Updated Oct. 12, 2009
The bank that never sleeps is holding an all-night sale.
Citigroup, in an effort to improve its bottom line and repay the government, has put a "For Sale" sign on numerous pieces of its business, downsizing what once was the nation's largest bank. Citi's executives are taking a decidedly different tack in trying to rescue their firm than their competitors, and some analysts question whether the downsizing alone will be enough to turn around the bank.
"The winding down of Citi Holdings [the units Citi has said are for sale] won't create enough gains to pay back the government," says bank analyst Ed Narjarian of ISI Group.
The latest indication that Citi is for sale came on Oct. 9. The bank sold its Phibro commodities-trading unit to energy and chemical giant Occidental Petroleum. Oxy Pete will pay $250 million for the unit, which specializes in oil and gas trading. Phibro is not a huge business for Citigroup. But it was one of the few businesses that continued to make money for the giant bank during the credit crisis. Phibro and Citi's global payment-processing business have long been seen as two areas in which the bank outperforms its competitors. Now one of Citi's profit jewels is gone.
It's just the latest sale for Citi, which has been paring back its businesses for well over a year. Earlier this year, the bank sold its Salomon Smith Barney brokerage unit to Morgan Stanley. Also gone are Citi's Diners Club credit-card business, its Japanese brokerage operations, a technology-services unit and some of its overseas divisions.
And there are no signs that the big Citi sale will end anytime soon. The bank still owes the government $45 billion from this past year's financial-rescue effort, and Citi executives said the bank would like to repay the government soon. Last June, in an unusual move, Citi hired investment banker James von Moltke for the sole job of heading the bank's corporate-disposal effort.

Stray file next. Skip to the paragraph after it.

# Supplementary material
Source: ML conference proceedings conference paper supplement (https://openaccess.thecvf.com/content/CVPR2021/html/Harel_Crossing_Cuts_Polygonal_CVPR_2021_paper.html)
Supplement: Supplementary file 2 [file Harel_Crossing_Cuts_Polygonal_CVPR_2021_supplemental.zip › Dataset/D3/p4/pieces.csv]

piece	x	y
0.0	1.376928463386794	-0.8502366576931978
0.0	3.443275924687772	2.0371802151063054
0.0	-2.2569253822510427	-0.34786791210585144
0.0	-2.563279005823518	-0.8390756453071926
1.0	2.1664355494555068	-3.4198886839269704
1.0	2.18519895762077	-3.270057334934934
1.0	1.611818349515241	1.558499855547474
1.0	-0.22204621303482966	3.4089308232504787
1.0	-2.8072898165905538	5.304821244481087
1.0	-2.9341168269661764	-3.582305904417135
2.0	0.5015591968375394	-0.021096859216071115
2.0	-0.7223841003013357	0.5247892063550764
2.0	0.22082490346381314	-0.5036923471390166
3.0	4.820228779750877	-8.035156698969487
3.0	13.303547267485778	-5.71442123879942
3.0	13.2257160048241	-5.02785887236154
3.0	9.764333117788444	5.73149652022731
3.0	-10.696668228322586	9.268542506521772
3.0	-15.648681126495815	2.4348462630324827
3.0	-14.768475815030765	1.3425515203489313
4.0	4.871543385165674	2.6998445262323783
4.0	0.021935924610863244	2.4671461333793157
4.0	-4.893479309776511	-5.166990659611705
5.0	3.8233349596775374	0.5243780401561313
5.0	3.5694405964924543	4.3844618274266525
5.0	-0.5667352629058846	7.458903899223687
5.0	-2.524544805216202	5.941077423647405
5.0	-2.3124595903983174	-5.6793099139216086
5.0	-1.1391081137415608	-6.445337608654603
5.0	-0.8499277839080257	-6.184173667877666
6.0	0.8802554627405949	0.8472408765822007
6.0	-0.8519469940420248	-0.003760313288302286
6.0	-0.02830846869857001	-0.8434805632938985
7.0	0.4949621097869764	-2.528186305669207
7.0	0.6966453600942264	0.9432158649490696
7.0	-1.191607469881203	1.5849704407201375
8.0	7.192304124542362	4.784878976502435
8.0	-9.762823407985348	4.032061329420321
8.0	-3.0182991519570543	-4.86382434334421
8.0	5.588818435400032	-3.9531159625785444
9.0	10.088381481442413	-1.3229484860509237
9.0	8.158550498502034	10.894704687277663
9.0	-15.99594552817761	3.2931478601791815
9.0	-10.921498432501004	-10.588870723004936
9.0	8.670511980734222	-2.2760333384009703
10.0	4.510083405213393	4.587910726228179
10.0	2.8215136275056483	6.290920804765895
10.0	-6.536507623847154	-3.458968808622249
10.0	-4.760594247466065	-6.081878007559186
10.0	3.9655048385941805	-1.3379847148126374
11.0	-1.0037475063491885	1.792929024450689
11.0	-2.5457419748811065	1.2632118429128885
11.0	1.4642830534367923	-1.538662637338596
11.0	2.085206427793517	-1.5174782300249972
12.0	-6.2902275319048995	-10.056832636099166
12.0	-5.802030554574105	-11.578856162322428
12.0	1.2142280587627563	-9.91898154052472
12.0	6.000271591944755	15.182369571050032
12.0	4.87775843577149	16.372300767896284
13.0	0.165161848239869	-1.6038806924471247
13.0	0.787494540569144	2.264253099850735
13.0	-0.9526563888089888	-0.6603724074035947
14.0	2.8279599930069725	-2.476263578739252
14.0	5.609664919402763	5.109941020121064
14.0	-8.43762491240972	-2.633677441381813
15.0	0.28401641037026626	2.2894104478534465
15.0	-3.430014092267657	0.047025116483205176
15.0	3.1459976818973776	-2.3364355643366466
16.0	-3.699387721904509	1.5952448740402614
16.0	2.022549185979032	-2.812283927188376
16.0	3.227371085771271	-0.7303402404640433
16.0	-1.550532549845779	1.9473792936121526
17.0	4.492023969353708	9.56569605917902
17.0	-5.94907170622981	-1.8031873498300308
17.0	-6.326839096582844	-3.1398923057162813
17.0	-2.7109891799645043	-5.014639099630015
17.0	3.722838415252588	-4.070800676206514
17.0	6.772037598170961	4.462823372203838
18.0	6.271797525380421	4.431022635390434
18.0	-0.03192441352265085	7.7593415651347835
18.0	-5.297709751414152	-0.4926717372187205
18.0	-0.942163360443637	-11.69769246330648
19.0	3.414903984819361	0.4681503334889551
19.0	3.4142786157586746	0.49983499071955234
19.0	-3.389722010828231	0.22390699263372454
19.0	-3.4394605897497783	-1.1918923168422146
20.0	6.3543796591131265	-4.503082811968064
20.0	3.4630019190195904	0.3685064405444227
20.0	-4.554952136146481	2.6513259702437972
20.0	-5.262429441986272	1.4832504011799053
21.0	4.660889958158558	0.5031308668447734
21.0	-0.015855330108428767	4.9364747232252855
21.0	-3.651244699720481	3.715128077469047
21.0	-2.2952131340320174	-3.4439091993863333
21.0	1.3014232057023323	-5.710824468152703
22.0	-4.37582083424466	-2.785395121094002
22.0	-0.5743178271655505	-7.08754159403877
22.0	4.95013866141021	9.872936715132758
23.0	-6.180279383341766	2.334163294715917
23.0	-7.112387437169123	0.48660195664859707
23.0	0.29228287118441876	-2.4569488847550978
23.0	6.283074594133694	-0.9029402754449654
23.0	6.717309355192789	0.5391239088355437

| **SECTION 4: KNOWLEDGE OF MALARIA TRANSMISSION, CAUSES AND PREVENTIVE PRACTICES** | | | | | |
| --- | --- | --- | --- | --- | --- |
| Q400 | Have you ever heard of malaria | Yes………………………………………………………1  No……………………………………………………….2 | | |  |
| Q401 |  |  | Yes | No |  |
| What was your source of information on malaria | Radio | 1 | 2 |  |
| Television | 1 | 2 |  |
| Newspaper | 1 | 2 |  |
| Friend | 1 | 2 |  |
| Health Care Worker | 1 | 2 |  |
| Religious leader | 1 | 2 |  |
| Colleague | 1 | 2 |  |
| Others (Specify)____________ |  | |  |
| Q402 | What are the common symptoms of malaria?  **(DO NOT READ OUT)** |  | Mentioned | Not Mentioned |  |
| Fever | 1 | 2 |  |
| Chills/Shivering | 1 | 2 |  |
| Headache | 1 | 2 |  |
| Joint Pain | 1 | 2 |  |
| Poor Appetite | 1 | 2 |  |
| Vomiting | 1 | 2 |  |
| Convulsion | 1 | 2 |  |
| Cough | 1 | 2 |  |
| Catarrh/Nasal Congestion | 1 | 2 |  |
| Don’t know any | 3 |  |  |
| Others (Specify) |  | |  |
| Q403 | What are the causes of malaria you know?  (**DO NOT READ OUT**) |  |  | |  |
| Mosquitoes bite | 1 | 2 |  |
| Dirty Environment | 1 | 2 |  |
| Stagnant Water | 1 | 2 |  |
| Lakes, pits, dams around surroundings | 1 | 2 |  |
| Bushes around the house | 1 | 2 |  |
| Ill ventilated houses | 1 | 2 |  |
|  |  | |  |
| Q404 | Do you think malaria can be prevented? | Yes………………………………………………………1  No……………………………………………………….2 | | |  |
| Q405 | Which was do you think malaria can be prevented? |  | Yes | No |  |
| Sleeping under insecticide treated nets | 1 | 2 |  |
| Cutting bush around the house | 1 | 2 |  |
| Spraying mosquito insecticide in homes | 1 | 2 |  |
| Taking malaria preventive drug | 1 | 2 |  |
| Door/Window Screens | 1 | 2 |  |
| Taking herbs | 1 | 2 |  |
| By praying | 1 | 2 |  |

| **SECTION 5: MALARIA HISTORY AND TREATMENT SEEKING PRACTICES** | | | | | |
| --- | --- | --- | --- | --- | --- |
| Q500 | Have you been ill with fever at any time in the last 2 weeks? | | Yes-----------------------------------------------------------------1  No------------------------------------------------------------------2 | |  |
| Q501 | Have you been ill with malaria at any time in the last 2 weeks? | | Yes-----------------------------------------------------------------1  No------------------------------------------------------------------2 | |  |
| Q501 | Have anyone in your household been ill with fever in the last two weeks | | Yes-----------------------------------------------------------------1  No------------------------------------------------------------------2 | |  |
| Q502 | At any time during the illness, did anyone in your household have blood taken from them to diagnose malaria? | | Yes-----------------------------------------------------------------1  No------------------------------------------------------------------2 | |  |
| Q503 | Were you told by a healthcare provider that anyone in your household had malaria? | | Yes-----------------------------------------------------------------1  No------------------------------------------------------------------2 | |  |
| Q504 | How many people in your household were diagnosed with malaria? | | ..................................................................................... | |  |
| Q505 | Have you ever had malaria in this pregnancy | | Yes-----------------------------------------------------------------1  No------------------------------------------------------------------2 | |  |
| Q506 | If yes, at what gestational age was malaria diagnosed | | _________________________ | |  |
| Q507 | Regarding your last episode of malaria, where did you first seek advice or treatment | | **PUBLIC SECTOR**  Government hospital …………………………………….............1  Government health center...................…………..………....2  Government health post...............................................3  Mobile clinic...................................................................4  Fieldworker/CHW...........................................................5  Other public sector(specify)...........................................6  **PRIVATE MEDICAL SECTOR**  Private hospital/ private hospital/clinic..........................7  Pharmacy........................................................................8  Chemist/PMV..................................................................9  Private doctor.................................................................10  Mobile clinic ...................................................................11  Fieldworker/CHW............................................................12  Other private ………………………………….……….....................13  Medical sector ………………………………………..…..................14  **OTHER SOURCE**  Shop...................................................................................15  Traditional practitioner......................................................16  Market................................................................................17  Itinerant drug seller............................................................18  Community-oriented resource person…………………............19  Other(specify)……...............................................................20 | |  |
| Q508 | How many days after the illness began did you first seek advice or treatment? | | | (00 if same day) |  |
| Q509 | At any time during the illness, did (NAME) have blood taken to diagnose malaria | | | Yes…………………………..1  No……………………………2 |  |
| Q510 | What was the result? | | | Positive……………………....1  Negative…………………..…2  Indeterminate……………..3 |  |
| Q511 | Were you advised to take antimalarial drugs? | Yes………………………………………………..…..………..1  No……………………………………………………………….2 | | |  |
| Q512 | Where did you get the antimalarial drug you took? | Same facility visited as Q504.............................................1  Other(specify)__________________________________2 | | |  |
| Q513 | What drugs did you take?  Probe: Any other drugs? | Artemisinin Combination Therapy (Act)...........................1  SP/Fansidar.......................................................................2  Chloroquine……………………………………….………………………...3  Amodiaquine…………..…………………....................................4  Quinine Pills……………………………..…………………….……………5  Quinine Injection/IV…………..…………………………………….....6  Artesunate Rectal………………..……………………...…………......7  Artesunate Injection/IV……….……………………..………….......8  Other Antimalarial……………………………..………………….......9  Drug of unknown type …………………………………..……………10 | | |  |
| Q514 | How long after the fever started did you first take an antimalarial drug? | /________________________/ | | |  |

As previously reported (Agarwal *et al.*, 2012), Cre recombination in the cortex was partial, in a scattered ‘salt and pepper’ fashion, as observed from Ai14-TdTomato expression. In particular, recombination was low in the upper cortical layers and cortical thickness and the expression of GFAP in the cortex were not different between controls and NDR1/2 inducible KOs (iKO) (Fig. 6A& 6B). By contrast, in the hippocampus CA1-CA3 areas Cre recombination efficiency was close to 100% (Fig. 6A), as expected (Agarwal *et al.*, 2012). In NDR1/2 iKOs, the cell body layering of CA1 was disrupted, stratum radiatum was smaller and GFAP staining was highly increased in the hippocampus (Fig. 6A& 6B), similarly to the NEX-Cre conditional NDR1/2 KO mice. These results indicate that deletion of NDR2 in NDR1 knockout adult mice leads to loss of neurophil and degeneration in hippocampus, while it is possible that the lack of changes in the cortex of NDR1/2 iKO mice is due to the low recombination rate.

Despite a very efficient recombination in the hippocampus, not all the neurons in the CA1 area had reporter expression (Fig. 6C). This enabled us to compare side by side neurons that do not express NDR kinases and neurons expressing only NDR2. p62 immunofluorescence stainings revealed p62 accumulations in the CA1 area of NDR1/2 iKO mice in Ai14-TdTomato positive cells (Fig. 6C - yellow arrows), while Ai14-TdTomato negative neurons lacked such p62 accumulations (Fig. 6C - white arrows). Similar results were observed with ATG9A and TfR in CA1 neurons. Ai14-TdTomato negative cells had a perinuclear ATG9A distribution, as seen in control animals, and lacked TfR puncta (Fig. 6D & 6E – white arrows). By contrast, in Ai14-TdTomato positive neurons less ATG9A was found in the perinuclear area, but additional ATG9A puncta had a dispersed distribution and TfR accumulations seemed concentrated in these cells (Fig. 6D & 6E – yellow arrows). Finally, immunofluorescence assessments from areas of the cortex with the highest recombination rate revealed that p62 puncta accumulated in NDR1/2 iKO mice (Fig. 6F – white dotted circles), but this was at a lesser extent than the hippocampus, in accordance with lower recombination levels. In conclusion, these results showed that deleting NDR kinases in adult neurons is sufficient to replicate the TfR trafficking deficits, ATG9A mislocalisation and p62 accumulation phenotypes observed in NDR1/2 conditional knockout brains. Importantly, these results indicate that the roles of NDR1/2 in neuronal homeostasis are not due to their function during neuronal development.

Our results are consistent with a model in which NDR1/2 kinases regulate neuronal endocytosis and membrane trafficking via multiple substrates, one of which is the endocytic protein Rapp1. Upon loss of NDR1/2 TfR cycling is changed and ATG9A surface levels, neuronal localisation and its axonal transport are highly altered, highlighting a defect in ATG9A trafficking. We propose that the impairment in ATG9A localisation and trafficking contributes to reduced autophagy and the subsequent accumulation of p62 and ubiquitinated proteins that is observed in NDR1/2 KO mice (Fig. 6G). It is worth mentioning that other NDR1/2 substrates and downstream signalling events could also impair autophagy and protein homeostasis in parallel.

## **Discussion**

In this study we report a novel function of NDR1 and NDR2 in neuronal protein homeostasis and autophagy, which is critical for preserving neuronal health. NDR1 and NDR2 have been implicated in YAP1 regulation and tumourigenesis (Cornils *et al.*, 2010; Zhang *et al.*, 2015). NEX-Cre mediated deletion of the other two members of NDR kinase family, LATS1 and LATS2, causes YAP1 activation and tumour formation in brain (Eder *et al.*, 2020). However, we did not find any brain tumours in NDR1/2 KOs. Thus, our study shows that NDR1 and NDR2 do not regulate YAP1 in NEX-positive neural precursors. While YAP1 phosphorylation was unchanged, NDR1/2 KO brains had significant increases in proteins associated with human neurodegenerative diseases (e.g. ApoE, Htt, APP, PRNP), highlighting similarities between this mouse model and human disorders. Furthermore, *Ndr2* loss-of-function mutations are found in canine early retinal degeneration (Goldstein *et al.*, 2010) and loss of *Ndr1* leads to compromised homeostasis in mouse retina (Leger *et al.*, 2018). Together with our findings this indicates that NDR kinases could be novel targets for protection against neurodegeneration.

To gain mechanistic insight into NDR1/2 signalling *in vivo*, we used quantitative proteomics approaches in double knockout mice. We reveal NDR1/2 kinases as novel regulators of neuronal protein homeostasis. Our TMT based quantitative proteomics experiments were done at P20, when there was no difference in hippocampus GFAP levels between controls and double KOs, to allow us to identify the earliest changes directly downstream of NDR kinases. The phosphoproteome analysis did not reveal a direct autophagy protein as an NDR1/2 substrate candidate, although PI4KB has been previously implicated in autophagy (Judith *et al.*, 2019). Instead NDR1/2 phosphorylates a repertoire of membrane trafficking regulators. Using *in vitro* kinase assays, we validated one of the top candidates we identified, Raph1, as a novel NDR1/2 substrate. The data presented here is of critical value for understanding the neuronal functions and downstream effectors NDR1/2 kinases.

If that didn't make its intentions clear enough, earlier this year Citigroup publicly identified a number of businesses that it would like to get rid of. Among those that are still left are its insurance division Primerica and a home-loan business, CitiMortgage. At the time, Citi said it would like to hold on to much of its retail and corporate bank. A Citi spokesperson says that continues to be the bank's plan. In July, CEO Vikram Pandit told financial-news outlet Bloomberg that the bank is "moving extremely fast" on asset sales. He said the bank had already shrunk its assets 25%.
But these days it looks like much more is on the block at Citi than the bank is letting on. Citi is reportedly considering a plan to either sell off or close a number of its retail branches. At just over 1,000, Citi has a much smaller branch network than its rivals. Bank of America, for example, has 6,000 branches nationwide. Citi is reportedly considering closing or selling its bank branches in cities such as Boston, Philadelphia and other areas of the country where it does not have a significant presence. Citi has denied any such intention.
Then there is Phibro. Based in Westport, Conn., the unit was originally included among the businesses that Citi wanted to hang on to. And for good reason: Phibro has been profitable every year since 1997, averaging a gain of nearly $400 million a year for the past half-decade. But earlier this year, it was revealed that the head of that unit, Andrew Hall, had been paid $100 million for his work in 2008 and was set to get a similarly large check for 2009. Citigroup is subject to government-imposed pay caps as a term of the financial aid it received. The government was reviewing Hall's pay package and was reportedly moving closer to forcing Citi to either reduce or restructure Hall's pay. Rather than risk losing the trader and the profits of the unit Citi decided to sell.
Citi executives are taking a different path out of the financial crisis than many of its rivals, which at times has been a benefit to those rivals. With the acquisition of Citi's Salomon Smith Barney, Morgan Stanley now has the largest brokerage force in the nation. And while Morgan has gotten out of some trading businesses, it is expanding its retail banking business. Executives at Bank of America and Wells Fargo say there are no plans to sell off major pieces of those banks.